The Queen fails in duty to minorities

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The Independent Online
The Queen and the Prince of Wales are ignoring a statutory, basic tool for stamping out racial prejudice in the employment policy of their own households.

Buckingham Palace and St James's Palace revealed to The Independent that neither household carried out a policy of ethnic monitoring of their staff which is the officially recommended means of ensuring equal opportunities for black people and Asians.

The Queen, as head of the multi-racial Commonwealth, and the Prince of Wales, as someone who has frequently criticised the race bias of the armed forces, might have been expected to pursue the most rigorous possible equal opportunity policies in their own households. But The Independent has discovered that neither the Royal household, which employs 550 people, nor St James's Palace, Prince Charles's office, carry out the full policy of ethnic monitoring recommended for the past 20 years by the Commission for Racial Equality. The CRE code was adopted by Parliament in 1984, under the terms of the Race Relations Act 1976.

A spokesman for the CRE refused to single out the Queen or the Prince of Wales for criticism, but he did say: "We would like all employers to follow equal opportunity practices, and ethnic monitoring is part of the code of practice.

"We issue statements about this fairly frequently but we usually do so in a general way, without picking out anyone, because plenty of other people are guilty of the problem." He added: "You work for The Independent. As far as I'm aware, the employment policy in your newsroom is not ethnically monitored. We think it should be."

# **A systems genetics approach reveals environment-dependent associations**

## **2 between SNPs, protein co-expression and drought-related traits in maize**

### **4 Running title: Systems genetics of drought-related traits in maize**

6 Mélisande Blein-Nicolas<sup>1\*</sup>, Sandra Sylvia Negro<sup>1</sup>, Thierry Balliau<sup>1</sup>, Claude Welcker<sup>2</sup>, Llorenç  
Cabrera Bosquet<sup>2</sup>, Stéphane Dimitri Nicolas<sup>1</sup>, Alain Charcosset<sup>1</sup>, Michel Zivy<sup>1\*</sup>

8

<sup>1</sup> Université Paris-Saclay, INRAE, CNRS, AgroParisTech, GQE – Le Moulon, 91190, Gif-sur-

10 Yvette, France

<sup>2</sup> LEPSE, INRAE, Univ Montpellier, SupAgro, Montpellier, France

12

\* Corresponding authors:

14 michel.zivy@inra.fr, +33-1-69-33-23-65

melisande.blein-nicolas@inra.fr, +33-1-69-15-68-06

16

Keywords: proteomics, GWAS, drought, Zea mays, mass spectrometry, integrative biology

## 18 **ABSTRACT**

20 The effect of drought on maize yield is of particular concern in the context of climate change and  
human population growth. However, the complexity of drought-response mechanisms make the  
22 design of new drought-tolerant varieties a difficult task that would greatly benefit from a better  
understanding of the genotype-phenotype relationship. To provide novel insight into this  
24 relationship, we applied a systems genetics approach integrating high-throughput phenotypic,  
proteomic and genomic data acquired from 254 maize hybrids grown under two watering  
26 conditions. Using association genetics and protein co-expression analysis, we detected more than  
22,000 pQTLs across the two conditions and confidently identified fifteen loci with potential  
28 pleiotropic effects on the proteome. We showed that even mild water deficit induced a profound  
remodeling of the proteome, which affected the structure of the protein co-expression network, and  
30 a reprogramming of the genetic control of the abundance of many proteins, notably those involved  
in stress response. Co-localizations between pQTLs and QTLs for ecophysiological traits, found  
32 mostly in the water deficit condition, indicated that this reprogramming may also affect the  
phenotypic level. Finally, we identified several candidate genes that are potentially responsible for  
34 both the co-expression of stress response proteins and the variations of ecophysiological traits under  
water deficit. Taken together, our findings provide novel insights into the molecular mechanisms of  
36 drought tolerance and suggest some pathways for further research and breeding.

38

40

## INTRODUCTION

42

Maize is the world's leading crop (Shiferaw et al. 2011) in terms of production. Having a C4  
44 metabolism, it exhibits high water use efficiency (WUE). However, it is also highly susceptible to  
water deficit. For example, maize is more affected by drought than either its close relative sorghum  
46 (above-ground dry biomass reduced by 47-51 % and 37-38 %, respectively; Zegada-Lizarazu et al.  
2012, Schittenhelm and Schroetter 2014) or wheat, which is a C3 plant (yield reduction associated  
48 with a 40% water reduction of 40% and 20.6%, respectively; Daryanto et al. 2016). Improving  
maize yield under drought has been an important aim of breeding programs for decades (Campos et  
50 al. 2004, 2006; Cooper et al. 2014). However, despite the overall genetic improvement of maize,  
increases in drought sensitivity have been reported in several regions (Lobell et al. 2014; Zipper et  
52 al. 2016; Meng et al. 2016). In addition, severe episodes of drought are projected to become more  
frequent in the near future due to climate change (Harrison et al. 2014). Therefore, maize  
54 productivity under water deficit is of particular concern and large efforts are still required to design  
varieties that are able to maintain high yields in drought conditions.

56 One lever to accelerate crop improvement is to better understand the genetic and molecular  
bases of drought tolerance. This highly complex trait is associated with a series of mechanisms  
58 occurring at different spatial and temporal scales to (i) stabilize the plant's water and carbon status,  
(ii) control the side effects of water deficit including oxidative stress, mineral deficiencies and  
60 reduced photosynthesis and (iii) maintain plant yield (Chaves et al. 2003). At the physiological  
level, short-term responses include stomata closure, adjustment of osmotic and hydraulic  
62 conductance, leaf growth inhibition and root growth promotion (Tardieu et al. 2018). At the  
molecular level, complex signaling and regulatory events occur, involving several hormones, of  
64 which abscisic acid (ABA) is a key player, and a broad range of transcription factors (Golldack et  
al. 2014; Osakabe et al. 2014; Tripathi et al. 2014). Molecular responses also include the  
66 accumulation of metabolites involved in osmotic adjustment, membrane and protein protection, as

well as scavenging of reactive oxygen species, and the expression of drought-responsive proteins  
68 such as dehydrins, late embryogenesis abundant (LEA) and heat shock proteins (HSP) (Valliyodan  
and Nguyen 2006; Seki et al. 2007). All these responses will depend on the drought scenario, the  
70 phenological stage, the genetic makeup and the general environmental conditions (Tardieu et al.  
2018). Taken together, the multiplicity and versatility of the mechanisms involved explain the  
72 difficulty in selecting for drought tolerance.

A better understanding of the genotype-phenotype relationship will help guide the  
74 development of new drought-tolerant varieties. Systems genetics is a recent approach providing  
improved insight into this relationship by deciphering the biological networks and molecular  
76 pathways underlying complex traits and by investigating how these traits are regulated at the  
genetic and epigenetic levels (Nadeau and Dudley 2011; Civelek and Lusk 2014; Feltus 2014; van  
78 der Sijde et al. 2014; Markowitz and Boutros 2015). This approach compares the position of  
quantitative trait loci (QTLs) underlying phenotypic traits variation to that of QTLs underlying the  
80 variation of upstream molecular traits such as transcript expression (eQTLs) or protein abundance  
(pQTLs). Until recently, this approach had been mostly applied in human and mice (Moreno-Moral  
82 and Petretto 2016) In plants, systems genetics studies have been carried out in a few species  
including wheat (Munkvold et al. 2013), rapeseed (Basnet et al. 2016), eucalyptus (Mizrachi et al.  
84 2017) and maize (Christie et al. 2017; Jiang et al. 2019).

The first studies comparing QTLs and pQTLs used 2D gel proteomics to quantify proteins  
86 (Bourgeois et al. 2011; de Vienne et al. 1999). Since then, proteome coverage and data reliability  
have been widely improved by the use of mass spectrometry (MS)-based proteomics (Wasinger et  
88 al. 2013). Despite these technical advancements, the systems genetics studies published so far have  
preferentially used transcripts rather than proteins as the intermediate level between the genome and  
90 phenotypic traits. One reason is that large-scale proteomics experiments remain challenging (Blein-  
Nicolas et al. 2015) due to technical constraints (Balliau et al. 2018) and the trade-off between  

Initially, a spokesman for Buckingham Palace said: "Employment in the Royal household is essentially solely based on individual merit.

"But we do observe the code of practice of the CRE and although it's not policy to provide employment statistics, the number of current employees from an ethnic background is about 5 per cent, and that is in line with the ethnic minority representation across the civil service."

When pressed, however, he said that for the last three years the Palace had monitored job applications by ethnic background - but there was no ethnic monitoring of existing staff or of black people and Asians by grade. The code suggests that an employer might employ a fair proportion of black people or Asians, but if they are all cleaners or clerks, working on the night shift, that would smack of racial discrimination.

Ethnic minority employees make up 18.4 per cent of civil service staff in Greater London, reflecting the much higher proportion of economically active black people and Asians in the area. A spokeswoman for St James's Palace would not even say that job applications for the Prince of Wales's 70-strong staff were ethnically monitored.

"We operate an equal opportunity policy and we are confident that it is fair and impartial," the spokeswoman said. About 3 per cent of the Prince of Wales's staff - two people - were from the ethnic minorities.

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